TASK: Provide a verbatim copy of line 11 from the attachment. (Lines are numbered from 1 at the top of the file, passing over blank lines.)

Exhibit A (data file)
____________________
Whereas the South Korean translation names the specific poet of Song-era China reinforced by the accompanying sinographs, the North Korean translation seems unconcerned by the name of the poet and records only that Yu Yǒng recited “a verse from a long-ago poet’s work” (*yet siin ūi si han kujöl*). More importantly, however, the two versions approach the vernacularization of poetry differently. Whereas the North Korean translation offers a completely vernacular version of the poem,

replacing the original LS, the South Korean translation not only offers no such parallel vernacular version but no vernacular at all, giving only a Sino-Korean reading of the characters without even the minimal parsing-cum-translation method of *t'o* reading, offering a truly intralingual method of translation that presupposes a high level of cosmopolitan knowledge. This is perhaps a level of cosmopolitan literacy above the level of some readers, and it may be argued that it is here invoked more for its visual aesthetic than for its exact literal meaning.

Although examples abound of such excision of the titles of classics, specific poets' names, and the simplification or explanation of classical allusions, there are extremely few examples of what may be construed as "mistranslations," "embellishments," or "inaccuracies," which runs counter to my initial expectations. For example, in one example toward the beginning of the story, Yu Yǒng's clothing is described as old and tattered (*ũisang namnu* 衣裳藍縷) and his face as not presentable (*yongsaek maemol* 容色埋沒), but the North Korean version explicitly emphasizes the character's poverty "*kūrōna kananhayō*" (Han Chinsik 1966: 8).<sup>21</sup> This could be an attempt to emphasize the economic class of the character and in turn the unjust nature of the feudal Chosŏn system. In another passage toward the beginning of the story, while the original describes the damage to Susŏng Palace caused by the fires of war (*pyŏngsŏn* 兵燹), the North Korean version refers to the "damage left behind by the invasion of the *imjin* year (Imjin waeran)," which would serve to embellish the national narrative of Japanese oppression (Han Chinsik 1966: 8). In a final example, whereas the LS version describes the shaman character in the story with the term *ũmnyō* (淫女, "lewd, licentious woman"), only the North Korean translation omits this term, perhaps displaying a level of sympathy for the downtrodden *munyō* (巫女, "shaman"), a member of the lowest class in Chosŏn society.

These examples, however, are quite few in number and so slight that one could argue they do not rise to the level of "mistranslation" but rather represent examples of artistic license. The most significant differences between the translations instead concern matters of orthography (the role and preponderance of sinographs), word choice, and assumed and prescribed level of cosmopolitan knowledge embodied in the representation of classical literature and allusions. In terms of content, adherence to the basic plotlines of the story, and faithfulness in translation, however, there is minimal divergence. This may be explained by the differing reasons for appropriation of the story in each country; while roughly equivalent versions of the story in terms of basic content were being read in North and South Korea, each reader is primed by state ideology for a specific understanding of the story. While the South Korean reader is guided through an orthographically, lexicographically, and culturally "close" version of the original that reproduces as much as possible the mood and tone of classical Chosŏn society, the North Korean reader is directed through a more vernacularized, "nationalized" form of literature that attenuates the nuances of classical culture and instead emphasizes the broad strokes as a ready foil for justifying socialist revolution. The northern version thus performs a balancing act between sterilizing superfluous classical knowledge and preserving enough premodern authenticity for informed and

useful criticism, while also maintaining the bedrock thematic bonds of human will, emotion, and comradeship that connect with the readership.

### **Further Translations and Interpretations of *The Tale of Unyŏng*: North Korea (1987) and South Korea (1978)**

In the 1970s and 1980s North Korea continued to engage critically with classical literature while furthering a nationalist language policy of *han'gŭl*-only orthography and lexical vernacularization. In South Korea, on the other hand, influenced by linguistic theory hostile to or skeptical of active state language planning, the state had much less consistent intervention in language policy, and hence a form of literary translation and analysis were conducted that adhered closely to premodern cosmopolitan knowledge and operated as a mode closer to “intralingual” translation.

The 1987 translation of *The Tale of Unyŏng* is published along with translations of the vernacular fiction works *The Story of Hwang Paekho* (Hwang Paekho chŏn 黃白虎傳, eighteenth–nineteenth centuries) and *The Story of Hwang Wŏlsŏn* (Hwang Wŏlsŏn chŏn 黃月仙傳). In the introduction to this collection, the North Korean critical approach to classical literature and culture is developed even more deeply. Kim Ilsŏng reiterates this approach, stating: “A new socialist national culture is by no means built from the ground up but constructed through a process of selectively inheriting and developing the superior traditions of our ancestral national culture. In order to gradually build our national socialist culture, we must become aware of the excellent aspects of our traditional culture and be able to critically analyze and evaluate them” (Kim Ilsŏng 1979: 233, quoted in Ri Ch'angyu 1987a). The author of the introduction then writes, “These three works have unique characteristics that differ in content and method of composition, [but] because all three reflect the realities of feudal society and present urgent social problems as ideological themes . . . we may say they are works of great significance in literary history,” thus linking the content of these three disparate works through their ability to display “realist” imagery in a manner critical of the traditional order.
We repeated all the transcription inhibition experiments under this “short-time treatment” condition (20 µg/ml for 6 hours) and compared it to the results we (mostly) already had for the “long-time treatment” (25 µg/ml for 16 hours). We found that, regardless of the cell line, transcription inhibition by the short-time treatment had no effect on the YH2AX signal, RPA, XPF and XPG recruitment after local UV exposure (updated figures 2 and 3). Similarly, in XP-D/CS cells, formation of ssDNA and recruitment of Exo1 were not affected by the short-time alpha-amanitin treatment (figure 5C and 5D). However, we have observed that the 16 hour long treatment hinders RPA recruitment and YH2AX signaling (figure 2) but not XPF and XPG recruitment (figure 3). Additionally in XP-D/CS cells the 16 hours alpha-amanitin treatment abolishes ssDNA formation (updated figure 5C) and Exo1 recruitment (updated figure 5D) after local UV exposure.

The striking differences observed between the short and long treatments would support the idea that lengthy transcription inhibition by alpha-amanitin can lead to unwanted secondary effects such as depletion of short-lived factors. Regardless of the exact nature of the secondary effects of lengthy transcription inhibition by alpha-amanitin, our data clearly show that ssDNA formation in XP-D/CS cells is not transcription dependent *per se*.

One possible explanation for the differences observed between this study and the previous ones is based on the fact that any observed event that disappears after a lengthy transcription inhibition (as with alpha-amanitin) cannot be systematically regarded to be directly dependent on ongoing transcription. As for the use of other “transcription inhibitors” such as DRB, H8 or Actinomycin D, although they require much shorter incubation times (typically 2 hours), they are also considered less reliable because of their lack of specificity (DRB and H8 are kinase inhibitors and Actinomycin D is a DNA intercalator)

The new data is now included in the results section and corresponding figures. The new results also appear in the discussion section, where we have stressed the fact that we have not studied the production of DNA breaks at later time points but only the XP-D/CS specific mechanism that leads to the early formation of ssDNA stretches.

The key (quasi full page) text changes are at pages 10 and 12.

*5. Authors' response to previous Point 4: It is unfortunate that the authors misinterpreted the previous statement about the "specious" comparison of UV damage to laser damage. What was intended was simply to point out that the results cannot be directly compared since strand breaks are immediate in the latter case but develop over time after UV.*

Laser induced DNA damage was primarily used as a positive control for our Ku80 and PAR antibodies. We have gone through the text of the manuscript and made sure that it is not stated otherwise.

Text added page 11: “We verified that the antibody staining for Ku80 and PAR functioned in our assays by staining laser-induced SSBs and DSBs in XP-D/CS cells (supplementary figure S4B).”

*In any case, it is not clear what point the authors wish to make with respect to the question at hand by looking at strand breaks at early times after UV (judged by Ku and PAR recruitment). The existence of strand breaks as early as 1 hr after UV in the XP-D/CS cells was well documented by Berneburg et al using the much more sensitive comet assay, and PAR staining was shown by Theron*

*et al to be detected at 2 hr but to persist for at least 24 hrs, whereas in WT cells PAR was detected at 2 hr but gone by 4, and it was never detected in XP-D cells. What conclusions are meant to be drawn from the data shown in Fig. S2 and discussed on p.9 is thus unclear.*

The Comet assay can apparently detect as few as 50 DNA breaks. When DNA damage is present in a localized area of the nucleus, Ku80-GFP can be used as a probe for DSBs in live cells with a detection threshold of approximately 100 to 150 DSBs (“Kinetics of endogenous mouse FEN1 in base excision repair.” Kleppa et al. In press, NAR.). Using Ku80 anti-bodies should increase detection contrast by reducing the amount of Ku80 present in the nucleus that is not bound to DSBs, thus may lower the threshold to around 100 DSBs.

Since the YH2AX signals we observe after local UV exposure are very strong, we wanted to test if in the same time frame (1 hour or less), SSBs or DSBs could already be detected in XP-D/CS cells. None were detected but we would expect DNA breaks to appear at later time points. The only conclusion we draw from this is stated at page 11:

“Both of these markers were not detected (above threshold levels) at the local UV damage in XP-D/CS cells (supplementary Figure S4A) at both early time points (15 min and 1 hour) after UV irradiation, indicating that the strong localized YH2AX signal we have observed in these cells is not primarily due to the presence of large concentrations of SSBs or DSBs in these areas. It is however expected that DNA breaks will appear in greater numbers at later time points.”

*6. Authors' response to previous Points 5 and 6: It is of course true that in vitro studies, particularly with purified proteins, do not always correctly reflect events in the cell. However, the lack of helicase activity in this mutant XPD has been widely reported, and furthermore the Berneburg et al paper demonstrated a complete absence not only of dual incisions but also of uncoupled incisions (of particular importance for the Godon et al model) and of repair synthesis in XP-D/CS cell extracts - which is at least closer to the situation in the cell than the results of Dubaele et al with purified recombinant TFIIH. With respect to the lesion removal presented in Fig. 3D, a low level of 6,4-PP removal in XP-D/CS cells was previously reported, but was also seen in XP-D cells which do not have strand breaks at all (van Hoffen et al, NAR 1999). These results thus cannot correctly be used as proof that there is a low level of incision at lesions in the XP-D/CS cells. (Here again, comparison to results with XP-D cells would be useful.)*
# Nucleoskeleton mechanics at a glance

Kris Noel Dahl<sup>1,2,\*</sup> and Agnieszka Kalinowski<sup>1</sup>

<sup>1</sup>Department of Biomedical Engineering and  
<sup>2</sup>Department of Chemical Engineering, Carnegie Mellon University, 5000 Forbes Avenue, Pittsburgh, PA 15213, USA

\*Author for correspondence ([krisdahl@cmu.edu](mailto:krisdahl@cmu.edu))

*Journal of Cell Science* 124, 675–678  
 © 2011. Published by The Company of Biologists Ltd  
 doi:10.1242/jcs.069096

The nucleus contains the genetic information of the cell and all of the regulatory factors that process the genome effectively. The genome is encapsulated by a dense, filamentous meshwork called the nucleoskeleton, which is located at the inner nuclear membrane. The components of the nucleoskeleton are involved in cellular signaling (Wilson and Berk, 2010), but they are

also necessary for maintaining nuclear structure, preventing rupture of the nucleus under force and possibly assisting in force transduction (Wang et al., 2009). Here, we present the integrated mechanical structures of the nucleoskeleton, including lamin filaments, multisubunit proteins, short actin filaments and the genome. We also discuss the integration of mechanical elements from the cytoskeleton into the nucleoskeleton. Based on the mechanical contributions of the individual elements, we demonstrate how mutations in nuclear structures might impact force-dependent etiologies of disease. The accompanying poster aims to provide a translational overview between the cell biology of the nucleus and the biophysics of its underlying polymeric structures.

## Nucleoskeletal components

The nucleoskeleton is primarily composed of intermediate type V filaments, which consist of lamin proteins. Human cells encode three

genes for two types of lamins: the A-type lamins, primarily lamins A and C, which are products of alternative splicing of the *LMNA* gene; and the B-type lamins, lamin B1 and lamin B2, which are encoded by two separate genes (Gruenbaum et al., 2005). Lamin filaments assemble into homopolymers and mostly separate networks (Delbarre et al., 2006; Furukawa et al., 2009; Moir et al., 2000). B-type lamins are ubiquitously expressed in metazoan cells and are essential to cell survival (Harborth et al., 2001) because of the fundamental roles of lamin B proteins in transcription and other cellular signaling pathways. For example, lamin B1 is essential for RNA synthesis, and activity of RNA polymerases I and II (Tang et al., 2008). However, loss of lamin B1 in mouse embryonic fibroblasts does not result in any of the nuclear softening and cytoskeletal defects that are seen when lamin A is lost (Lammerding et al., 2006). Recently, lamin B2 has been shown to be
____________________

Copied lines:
One possible explanation for the differences observed between this study and the previous ones is based on the fact that any observed event that disappears after a lengthy transcription inhibition (as with alpha-amanitin) cannot be systematically regarded to be directly dependent on ongoing transcription. As for the use of other “transcription inhibitors” such as DRB, H8 or Actinomycin D, although they require much shorter incubation times (typically 2 hours), they are also considered less reliable because of their lack of specificity (DRB and H8 are kinase inhibitors and Actinomycin D is a DNA intercalator)